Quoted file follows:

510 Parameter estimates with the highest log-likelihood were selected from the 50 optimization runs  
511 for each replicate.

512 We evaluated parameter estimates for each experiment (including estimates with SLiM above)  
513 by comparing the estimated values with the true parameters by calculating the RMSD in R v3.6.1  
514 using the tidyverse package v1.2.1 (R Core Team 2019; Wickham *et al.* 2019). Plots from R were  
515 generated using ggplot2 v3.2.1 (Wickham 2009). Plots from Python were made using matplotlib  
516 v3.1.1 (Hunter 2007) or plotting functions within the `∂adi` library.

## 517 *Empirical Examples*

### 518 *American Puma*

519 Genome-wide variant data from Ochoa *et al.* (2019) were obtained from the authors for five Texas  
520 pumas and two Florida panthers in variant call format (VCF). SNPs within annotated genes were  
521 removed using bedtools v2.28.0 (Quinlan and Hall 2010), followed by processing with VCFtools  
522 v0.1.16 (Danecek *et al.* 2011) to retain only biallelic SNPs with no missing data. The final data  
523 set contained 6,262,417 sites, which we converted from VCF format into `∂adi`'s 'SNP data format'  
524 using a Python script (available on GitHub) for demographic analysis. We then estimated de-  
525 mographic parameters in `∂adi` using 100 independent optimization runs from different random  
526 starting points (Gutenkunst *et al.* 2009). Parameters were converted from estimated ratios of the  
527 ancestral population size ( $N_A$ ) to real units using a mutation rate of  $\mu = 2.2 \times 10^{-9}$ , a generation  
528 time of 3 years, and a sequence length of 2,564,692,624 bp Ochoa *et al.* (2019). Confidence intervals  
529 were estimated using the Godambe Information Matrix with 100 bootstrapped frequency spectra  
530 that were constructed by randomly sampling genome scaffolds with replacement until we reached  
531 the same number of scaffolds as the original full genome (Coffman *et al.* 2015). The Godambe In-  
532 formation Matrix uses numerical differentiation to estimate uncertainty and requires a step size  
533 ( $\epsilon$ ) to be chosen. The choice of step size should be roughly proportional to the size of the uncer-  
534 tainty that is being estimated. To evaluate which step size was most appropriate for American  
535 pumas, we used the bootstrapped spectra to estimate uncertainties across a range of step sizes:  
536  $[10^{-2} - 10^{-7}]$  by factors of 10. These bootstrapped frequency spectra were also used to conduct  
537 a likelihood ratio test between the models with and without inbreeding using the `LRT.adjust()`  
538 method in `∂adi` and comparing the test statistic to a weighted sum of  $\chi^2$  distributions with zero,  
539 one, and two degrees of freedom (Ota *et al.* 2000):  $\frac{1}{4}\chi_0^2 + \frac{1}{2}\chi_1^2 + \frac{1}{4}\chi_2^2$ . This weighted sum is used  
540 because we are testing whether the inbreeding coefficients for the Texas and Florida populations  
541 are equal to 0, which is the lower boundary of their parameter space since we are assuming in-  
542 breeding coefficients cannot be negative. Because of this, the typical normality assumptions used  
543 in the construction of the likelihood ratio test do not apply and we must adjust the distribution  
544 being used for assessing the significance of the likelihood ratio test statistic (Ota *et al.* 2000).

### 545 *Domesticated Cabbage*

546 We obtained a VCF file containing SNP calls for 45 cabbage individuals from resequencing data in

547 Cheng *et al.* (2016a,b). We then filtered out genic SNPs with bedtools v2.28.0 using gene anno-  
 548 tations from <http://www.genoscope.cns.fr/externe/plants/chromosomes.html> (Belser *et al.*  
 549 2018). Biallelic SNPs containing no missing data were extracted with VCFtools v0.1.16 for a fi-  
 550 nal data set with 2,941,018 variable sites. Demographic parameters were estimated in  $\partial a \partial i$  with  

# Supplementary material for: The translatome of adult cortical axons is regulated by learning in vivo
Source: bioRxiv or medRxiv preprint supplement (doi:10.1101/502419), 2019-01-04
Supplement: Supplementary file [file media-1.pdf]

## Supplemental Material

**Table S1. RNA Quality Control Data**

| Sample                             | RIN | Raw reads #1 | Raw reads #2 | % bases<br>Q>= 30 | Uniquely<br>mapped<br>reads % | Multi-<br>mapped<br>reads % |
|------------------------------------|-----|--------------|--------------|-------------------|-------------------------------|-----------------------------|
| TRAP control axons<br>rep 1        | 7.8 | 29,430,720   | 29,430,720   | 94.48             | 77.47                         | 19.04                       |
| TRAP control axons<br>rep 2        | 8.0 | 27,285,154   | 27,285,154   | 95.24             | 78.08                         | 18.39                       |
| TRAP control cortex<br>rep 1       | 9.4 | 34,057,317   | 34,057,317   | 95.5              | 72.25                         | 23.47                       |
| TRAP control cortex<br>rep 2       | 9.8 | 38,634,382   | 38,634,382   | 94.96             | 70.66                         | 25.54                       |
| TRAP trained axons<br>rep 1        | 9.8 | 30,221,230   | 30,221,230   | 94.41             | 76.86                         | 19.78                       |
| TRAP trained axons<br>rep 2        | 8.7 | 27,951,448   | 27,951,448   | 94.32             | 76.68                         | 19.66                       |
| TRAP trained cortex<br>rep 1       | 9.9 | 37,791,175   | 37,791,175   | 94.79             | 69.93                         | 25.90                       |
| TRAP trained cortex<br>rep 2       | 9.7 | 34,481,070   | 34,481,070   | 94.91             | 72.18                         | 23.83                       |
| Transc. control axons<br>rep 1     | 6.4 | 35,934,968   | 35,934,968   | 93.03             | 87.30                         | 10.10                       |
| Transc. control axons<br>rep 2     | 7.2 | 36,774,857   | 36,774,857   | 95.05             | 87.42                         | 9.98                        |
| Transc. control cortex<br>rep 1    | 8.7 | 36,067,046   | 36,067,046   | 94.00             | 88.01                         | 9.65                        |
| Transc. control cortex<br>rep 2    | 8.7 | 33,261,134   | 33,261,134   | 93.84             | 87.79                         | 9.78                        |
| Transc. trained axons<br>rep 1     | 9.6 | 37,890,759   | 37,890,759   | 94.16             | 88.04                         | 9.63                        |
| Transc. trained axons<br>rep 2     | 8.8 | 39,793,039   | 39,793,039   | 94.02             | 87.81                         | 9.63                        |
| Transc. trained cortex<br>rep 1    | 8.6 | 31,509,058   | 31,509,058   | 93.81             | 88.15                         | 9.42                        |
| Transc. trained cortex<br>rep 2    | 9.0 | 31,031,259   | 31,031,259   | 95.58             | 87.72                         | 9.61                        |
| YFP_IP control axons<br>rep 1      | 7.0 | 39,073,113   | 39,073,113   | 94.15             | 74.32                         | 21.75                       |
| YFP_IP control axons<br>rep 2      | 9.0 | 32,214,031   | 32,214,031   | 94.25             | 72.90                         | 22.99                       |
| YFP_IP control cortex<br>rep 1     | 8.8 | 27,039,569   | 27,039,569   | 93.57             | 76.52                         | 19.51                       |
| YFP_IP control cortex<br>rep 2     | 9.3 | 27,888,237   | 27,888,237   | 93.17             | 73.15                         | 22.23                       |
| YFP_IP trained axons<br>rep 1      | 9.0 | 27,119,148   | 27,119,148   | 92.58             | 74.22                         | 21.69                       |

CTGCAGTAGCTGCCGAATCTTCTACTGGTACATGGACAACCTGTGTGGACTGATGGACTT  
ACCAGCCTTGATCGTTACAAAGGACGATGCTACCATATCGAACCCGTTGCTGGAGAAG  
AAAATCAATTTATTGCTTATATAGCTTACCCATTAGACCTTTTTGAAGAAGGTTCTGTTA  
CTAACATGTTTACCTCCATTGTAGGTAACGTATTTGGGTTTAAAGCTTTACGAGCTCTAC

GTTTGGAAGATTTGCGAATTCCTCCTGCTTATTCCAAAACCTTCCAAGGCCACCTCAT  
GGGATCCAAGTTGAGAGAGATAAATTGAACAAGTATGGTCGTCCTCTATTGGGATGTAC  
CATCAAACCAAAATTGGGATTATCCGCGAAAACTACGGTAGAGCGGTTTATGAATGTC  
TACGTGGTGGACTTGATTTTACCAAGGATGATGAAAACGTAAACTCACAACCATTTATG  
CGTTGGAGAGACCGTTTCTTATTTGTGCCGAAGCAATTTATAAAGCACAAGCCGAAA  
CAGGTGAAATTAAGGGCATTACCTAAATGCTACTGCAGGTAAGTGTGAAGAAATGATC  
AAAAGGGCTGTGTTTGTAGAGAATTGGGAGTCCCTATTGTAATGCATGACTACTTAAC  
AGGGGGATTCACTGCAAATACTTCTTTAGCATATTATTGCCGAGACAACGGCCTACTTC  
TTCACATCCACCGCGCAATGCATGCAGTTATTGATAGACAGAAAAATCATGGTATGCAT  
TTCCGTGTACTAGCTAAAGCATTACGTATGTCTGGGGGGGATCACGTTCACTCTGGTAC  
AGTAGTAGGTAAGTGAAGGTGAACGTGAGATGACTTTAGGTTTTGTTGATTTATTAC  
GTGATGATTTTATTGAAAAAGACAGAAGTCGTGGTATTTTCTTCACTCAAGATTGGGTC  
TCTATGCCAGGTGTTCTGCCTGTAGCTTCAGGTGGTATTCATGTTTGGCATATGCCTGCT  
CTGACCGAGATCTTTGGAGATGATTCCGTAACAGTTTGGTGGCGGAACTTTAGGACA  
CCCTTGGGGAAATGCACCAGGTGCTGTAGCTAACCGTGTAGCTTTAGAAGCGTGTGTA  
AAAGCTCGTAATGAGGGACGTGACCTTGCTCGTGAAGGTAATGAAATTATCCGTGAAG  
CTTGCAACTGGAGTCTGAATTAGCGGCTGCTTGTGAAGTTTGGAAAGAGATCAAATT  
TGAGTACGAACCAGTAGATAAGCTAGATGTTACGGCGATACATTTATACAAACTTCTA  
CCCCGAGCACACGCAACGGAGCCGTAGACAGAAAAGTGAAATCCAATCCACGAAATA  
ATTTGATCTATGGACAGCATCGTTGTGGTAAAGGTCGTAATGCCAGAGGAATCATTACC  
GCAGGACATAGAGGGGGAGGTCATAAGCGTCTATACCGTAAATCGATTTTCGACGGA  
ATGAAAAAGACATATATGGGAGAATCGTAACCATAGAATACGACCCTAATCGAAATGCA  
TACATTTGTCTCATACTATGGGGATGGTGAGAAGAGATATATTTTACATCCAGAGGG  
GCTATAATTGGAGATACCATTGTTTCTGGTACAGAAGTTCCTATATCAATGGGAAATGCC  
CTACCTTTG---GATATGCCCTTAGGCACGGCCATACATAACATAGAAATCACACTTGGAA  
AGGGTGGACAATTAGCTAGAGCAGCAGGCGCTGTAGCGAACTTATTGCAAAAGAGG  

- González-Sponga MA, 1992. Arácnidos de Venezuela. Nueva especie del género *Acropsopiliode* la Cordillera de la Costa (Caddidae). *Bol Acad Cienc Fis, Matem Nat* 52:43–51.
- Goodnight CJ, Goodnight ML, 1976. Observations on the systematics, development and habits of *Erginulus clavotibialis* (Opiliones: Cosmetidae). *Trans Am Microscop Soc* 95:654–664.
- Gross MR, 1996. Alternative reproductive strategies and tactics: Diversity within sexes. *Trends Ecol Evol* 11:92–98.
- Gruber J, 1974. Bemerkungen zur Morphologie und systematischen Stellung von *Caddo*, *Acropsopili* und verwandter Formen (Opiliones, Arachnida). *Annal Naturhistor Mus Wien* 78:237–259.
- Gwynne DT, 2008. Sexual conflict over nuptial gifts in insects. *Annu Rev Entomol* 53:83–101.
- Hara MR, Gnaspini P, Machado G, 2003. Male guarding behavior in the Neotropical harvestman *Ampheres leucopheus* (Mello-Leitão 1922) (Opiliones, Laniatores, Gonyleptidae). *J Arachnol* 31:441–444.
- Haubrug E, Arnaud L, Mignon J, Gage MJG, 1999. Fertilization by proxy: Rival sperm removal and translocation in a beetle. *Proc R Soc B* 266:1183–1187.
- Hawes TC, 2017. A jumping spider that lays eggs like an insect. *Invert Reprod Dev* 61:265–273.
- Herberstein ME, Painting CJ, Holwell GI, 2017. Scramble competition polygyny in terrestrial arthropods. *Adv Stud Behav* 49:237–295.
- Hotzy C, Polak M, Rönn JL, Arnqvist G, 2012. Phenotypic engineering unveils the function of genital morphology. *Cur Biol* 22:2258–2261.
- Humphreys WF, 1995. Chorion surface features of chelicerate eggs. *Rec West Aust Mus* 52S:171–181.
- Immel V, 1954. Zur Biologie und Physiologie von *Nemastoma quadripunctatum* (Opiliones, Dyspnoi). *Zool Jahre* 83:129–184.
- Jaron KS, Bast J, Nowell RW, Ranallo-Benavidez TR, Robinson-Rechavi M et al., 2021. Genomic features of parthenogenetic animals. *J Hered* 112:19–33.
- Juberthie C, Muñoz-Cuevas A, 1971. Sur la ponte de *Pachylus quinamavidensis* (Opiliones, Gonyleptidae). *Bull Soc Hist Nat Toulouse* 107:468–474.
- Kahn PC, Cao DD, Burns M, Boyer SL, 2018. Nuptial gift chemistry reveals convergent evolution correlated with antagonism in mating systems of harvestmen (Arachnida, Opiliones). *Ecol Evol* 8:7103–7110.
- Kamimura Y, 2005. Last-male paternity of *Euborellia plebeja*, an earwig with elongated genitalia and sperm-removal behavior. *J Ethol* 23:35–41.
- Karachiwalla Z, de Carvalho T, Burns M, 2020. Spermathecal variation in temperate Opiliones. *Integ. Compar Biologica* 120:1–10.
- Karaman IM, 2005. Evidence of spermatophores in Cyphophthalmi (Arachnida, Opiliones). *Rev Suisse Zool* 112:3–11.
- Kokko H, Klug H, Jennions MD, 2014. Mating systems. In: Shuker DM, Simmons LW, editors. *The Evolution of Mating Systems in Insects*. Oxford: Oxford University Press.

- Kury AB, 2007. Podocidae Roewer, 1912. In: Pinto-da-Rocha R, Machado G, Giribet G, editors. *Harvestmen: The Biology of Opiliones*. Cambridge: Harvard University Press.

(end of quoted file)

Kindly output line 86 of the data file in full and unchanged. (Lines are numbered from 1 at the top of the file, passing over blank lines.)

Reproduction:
TCTATGCCAGGTGTTCTGCCTGTAGCTTCAGGTGGTATTCATGTTTGGCATATGCCTGCT  